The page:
Working with Newcastle University we want to find out how much trench art exists in the North East, especially items that have a family story to tell.
What is Trench Art?
Trench art is the recycled stuff of war. Coming in all shapes and sizes, it is often made from discarded rifle or artillery shell cases, but it can also be made from leather, bone, wood or even army biscuits! The general rule is that it should incorporate at least some material that was originally used for the waging of war.
Servicemen made trench art for a number of reasons. For some it was a way of simply passing the time when not in action. For others it became a consuming hobby and also a way of making a bit of spare cash. Trench art was also made in hospitals, and metalwork turned into domestic ware was often used to raise funds for the wounded. Some trench art, such as rings, brooches or crucifixes, may have been highly personalised, treasured and even talismanic. Larger pieces which eventually made their way into homes across the regionacted as both household items in the kitchen, fireplace or on the mantelpiece,as well as souvenirs of the war.
We are looking at two aspects of trench art:
- How did these pieces come to the North East? Were they made by our soldiers or purchased, perhaps from allies,civilians or even prisoners? Were they intended as gifts, souvenirs or memorials to lost comrades or friends?
- What has been the story of these items over the past 100 years? Were they prominently displayed or used by the veterans or their kin? How did extended family members feel about these reminders of the war? And what happened to them as the war-generation passed away and as people’s views of the war changed during the 20th Century? One hundred years on are they now a useful and valued means of engaging with the war and its sailors, soldiers and airmen, and also perhaps the women who served overseas?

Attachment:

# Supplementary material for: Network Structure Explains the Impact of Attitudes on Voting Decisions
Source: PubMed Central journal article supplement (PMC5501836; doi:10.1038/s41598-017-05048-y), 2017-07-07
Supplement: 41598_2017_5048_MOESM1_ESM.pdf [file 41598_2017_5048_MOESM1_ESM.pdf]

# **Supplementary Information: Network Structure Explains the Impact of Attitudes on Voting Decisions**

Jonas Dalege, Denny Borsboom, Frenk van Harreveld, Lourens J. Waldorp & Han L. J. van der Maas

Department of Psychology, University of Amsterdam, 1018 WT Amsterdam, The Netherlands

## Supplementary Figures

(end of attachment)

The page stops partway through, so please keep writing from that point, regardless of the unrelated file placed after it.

A Trench Art Museum
Before the First World War Armistice Centenary in 2018 we’ll be creating a trench art museum displaying locally based artefacts that can be toured around the region for the benefit of schools and community groups. At the heart of the collection will be a number of researched pieces for which we can provide a story of how and where the artefact was acquired as well as its life over the past 100 years. Some of the displays will be virtual while others will appear in some of our 20th-century houses, just as they did in homes across the North East. An important element of the museum will be oral history recordings, where current owners talk about their trench art in artefact-centred interviews. We hope this will tell us much about the social history of the war and these art forms. It will also enable us to access generations of memories before they’re lost.
Be Part of It
If you own trench art that is associated with the current or historic counties of Durham and Northumberland and would like to have it recorded as part of this unique project, we would be delighted to hear from you. If you have a piece that has a family story, even better. For certain key pieces we’d research the min depth and, where possible, examine relevant service and other archival records. We’d also like to interview the present owners, especially any who may still remember those who served in the First World War. But we’re also interested in how the stories of these artefacts have been passed down through later generations.
Please email us at firstname.lastname@example.org if you’d like to tell us about your piece and learn more about being involved.